Forces Programme

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Development

From the start of the Second World War the BBC was thinking of ways to offer an alternative service, and the needs of the BEF, then in France, led the BBC to create a 'Programme for the Forces'.

At first, four or five hours each evening were devoted to relays from the Home Service, with special new programmes when those on Home were unsuitable for mass listening, but by mid-February 1940, the new service was running for twelve hours a day and the bulk of the programmes were expressly designed for troops in the field

Programmes

Apart from plenty of light music and dance bands, sports commentaries, and so on, there were such special features as French lessons, Sandy Macpherson's programmes of requests from the Forces, Roy Rich's Record Time, concert parties from Paris, relays of music from Italy, Switzerland, and Holland, and on 20 February, the first in that famous series, John Hilton Talking.[1]

A regular feature from Scotland was the weekly broadcast from The Radio Padre, the Reverend Ronald Selby Wright. This was aimed at the presence in the army of thousands of young serving men, who, manning anti-aircraft guns, and doing other lonely jobs, were cut off for weeks at a time from the general community. Following requests from soldiers and army chaplains, the War Office seconded Wright to visit serving men and women in the different Commands, and to give weekly broadcasts in the Forces Programme. The programme aired between 1 April 1942 and 20 September 1944.

Post-Dunkirk: forces at home

Further changes were made after was the evacuation of Allied soldiers from the beaches and harbour of Dunkirk, France, between 26 May and 4 June 1940.

Thereafter the programme planners had to think, not of Forces audiences overseas, but of a large body of uniformed men at home — in Civil Defence blue as well as khaki — and of those civilian listeners who were increasingly turning to the Forces programme as an alternative to the Home Service. During this period many new programmes made their appearance — Music While You Work, Works Wonders and Workers' Playtime, the Brains Trust, Shipmates Ashore and Navy Mixture — one or two light propaganda features (such as Into Battle) began, and a good deal more 'serious' music was introduced. And we were only too glad to supply news-letters and other special items for the increasing number of Canadian and other Dominion troops arriving in this country.[2]

American Forces Network

The 'American Forces Network' (or AFP) was a descendant of the old 'Forces Programme'. The American soldiers and sailors who poured into Britain during 1942 and 1943 were homesick for their own favourite radio programmes, and the US Army authorities asked the BBC to help. With the help of the BBC and Post Office engineers they created their own broadcasting system, the American Forces Network, which opened on Independence Day, 4 July 1943. It was made up of several low-power transmitters dotted about the country wherever there was a large concentration of American troops, and linked to London by landline. The programmes consisted partly of relays from the BBC Forces Programme but mainly of recordings of American radio shows, made in the States and sent over to Britain.[3]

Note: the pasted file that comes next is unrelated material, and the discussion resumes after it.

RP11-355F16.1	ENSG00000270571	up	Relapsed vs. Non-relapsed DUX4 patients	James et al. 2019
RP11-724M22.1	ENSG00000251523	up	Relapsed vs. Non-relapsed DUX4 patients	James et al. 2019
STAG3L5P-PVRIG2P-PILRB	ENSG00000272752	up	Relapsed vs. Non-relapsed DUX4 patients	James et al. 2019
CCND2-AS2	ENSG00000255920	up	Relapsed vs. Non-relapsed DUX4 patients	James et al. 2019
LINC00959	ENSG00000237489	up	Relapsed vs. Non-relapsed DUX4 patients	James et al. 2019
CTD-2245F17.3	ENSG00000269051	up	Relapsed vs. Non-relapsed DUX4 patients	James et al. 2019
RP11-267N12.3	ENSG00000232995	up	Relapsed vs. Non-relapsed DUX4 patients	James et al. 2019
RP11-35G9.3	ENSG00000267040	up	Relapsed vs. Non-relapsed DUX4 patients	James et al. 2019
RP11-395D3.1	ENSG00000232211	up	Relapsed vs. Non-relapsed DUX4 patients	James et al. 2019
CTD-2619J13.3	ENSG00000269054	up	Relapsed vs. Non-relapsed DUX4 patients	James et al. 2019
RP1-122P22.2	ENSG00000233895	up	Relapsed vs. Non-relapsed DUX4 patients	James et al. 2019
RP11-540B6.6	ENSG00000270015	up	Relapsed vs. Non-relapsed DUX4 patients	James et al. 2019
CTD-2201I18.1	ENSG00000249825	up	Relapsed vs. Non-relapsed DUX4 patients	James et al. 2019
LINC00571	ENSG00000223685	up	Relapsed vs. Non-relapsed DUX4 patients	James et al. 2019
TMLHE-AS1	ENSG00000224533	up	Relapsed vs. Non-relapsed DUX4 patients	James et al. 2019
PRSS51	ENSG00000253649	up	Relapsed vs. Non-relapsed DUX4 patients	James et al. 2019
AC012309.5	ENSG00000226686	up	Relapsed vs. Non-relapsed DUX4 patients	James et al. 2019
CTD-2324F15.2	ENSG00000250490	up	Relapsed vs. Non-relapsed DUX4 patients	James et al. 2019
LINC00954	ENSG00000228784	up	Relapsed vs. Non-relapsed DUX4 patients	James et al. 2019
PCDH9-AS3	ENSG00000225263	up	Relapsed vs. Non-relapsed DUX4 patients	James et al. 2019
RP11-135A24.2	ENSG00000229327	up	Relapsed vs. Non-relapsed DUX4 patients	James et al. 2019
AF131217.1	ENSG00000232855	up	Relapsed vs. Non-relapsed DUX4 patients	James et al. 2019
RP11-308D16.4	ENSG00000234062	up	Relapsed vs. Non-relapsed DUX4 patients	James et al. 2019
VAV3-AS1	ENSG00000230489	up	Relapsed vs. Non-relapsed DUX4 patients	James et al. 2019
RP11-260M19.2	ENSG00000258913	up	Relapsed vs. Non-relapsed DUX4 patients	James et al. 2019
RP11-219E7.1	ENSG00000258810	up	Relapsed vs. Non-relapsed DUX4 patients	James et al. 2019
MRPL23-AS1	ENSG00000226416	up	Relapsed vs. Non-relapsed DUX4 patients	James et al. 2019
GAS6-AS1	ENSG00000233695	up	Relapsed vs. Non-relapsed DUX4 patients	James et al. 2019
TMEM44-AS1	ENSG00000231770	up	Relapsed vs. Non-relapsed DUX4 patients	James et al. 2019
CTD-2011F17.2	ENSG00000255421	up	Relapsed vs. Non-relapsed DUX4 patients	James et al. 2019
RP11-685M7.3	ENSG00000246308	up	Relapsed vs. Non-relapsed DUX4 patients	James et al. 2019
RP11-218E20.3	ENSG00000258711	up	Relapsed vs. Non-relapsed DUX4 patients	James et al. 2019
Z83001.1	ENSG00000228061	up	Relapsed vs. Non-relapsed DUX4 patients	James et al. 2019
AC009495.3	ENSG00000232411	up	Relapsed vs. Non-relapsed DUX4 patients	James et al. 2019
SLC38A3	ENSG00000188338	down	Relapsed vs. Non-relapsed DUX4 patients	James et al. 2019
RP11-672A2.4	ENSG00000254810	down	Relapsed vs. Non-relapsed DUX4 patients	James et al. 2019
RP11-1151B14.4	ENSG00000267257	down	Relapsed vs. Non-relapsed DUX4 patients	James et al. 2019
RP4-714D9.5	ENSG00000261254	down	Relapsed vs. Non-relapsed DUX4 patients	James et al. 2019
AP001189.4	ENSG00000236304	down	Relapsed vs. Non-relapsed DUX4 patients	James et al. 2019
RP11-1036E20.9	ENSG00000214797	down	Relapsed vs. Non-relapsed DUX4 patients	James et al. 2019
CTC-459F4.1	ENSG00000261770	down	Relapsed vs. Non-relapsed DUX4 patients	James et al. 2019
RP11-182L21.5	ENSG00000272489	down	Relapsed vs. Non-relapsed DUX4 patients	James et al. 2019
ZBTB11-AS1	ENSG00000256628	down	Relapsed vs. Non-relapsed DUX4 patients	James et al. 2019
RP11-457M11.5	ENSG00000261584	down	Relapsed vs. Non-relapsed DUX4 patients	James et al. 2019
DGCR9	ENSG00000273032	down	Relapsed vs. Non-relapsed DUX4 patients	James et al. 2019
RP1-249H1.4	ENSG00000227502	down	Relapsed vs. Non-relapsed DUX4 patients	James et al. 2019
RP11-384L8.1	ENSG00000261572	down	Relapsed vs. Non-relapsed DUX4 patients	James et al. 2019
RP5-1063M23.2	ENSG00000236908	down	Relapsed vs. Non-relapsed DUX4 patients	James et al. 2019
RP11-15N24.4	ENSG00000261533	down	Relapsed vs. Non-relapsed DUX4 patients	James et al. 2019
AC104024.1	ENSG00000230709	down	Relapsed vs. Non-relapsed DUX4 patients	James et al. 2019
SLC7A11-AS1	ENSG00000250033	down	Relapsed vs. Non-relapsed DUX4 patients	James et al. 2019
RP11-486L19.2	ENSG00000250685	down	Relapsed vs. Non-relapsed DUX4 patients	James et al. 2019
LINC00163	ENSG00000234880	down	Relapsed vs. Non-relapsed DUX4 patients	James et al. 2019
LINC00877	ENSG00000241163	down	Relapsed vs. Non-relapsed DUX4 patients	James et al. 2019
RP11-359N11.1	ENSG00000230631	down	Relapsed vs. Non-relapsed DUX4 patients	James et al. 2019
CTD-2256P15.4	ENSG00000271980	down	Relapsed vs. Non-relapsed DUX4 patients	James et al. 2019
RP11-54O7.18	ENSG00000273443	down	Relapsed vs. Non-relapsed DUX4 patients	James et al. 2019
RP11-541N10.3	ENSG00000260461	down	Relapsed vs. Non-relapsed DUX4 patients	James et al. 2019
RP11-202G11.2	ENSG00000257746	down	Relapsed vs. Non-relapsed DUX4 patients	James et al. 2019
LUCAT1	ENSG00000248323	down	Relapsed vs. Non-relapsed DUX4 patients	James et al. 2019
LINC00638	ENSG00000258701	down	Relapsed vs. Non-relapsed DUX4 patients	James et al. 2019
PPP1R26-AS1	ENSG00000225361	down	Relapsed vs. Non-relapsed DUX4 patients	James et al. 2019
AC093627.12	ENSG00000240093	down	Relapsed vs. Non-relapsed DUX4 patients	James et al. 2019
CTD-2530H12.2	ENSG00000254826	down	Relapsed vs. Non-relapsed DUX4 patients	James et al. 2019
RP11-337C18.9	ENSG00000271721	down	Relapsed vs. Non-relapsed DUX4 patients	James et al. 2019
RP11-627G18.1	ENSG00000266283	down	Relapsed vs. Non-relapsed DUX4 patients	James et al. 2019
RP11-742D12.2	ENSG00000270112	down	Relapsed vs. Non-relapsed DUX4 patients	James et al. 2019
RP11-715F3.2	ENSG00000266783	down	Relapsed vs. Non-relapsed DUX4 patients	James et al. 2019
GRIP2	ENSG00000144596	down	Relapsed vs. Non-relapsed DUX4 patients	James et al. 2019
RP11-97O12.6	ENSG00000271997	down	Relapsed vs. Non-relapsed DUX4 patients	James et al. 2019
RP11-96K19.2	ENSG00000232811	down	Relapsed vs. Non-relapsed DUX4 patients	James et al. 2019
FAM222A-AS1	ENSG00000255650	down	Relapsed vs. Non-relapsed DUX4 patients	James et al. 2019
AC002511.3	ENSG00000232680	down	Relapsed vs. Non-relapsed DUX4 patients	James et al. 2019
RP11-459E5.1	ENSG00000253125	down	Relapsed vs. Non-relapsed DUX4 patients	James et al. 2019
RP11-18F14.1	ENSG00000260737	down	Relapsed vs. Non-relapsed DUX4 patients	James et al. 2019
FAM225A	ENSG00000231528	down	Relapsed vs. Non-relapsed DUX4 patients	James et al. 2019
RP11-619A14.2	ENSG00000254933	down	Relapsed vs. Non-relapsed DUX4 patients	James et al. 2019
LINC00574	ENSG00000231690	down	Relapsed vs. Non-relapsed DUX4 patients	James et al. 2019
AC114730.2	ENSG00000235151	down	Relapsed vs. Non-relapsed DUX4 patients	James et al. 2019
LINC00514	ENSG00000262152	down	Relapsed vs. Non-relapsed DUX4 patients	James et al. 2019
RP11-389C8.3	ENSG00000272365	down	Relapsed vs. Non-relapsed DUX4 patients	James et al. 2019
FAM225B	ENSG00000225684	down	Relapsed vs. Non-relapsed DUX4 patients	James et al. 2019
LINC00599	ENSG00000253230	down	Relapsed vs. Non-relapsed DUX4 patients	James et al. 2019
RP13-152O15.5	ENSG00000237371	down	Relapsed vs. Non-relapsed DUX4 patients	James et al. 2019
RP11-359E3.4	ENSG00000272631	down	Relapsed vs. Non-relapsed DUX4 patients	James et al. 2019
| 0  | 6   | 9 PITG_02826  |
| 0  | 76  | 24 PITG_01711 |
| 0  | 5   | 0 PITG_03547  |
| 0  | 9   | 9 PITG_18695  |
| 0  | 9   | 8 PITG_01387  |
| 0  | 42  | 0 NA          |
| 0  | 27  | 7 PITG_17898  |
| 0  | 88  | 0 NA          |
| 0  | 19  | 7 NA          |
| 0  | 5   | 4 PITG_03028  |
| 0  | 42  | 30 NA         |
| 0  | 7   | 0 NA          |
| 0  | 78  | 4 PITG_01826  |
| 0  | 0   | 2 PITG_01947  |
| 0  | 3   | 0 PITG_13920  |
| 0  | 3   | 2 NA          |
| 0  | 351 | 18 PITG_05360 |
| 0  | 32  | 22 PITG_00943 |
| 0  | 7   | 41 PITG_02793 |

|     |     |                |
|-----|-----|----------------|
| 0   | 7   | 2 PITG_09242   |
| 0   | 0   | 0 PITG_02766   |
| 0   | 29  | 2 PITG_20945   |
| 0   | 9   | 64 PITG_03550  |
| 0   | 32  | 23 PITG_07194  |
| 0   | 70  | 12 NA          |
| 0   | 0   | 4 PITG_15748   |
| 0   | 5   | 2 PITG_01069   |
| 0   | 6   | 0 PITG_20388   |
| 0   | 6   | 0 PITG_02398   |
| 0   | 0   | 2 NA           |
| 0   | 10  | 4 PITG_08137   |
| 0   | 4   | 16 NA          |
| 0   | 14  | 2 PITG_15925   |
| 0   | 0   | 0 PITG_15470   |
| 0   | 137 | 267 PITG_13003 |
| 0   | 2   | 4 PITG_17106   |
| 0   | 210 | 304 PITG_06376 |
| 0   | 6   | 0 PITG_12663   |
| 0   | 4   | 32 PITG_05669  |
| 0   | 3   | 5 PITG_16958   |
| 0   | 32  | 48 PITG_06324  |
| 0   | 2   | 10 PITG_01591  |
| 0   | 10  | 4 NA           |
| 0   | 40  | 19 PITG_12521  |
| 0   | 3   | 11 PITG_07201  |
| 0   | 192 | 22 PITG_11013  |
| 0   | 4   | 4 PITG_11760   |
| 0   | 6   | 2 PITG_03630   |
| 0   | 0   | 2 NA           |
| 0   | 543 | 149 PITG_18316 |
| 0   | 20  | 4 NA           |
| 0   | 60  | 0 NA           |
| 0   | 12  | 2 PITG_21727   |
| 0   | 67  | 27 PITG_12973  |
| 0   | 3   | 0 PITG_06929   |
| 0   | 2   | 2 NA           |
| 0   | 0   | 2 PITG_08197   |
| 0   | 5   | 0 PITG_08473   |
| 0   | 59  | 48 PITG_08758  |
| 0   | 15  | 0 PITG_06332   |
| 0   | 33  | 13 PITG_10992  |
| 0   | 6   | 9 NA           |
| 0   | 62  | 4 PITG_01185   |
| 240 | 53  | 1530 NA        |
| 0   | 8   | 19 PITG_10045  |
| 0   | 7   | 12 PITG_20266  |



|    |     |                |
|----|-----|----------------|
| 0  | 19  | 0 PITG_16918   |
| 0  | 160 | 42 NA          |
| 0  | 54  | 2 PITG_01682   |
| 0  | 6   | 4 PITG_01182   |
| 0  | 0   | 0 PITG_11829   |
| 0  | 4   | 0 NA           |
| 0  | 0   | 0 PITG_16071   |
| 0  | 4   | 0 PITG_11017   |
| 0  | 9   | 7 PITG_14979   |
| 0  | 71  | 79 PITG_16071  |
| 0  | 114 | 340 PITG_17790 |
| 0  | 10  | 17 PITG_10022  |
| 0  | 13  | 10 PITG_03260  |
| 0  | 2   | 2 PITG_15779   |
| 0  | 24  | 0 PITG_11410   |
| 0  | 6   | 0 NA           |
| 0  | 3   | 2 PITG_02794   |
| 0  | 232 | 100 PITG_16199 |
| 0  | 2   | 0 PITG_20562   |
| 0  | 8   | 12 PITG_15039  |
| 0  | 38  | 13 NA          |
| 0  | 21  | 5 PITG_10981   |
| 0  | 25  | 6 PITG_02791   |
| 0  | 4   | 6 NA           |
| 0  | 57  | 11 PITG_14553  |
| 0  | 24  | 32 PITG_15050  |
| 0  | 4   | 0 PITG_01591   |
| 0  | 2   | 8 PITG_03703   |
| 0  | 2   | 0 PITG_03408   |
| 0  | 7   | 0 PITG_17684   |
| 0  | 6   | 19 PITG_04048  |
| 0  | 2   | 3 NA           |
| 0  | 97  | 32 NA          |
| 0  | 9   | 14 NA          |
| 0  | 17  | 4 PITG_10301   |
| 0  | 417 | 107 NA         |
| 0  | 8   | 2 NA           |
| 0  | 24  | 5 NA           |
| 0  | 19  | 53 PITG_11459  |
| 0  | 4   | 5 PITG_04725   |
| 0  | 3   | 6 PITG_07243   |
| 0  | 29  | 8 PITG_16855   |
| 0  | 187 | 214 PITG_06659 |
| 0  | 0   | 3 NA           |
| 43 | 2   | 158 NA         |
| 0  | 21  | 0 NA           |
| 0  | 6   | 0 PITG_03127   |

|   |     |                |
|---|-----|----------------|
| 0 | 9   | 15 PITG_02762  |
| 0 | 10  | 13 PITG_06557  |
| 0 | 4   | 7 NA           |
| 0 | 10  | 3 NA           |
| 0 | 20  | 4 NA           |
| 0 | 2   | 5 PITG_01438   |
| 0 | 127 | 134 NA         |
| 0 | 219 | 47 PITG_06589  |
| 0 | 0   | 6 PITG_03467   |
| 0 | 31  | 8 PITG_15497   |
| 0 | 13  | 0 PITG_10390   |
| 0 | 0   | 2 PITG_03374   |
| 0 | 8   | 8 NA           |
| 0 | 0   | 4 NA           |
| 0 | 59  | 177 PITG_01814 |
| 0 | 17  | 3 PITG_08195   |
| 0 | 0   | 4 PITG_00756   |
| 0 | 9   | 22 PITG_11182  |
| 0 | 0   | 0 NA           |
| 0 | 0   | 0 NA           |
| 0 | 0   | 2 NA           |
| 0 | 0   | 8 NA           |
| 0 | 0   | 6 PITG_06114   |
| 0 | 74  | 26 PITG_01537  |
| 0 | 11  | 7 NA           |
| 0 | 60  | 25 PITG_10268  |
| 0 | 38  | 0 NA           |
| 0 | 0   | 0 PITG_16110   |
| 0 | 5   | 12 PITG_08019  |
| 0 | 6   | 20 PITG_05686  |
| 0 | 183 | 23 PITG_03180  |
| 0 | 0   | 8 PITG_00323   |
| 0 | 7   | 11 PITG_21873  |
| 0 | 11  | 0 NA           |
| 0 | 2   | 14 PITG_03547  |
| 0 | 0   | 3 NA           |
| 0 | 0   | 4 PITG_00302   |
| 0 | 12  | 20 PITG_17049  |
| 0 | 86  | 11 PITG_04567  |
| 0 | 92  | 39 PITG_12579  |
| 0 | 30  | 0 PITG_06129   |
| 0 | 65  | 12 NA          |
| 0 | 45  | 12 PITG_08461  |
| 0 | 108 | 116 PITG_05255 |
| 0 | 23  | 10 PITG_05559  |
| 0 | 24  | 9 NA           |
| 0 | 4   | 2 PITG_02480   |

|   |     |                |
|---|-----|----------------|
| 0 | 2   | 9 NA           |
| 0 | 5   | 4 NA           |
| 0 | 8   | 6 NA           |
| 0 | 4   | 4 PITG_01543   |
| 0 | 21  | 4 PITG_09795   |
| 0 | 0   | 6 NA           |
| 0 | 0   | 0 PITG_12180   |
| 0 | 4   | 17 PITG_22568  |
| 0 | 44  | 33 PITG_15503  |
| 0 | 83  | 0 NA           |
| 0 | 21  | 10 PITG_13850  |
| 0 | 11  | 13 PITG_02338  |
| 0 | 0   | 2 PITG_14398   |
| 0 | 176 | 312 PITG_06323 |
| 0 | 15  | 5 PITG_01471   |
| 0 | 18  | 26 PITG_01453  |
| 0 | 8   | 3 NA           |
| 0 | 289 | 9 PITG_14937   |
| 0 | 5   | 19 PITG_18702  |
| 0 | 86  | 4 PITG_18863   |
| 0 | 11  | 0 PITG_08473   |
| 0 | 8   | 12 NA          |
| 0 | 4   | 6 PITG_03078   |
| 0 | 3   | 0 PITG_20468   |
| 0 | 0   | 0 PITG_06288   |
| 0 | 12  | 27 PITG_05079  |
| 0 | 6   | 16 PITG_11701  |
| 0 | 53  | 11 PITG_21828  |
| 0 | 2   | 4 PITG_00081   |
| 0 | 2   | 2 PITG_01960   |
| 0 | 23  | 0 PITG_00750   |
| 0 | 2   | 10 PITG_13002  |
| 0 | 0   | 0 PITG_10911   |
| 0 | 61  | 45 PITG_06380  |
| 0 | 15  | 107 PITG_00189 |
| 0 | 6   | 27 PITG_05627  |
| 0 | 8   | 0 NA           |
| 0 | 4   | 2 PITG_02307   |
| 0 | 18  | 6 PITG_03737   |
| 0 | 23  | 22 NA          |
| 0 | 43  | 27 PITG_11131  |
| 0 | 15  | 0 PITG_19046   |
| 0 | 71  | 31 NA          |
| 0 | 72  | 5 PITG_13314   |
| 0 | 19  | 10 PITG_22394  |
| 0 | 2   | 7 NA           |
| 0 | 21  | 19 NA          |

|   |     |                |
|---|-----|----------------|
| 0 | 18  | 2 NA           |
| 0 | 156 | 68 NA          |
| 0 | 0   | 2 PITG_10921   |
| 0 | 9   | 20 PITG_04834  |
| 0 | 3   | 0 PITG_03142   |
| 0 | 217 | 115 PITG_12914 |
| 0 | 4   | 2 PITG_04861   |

General Forces Programme

27 February 1944 was the first day of the new GFP.

The weekly Scottish Half-Hour on the GFP primarily served forces overseas. The producer Howard Lockhart explained that "we chose middle-aged maturity in our chief presenters":

One of these was James Sloan. He had been in the earlier War and he sounded friendly and rather avuncular in manner. At the end of each edition, he used to say, "Roll On the Big Ship", a phrase that had been much used in the first War to indicate the troop ship bound for home. The other presenter was Mrs Helen Mitchell, who had played as Granny Ferguson in the Knockendoch series which she had written and in which I played as a child actor. She had a lovely, soft Dumfries-shire tongue and warm sincerity. We called her 'Mrs Ferguson'. She had, in fact, a grown-up son in the army overseas, and he was able to report back to us regarding reception of our programmes. [4]

Correspondence from the men recorded appreciation of this ‘breath of home’.

Scotland shared too in regular GFP series such as Home Flash and Strike a Home Note where the purpose was to transmit something of the familiar life of home. The net was cast wide to cover in Home Flash places as far apart as the east end of Glasgow, Dumfries, Lewis and Kirkwall; and for Strike a Home Note, items from the North-east to the Borders.[5]

In September 1944 the recording car was shipped to the Orkney Islands for the recording of Navy Mixture and other programmes.[6]

References

  1. BBC Handbook 1945, 35–6.
  2. BBC Handbook 1945, 36.
  3. BBC Handbook 1945, 37.
  4. Howard Lockhart, On My Wavelength (Aberdeen: Impulse Books, 1973), 58–9.
  5. BBC Handbook 1945, 81.
  6. BBC Handbook 1945, 80.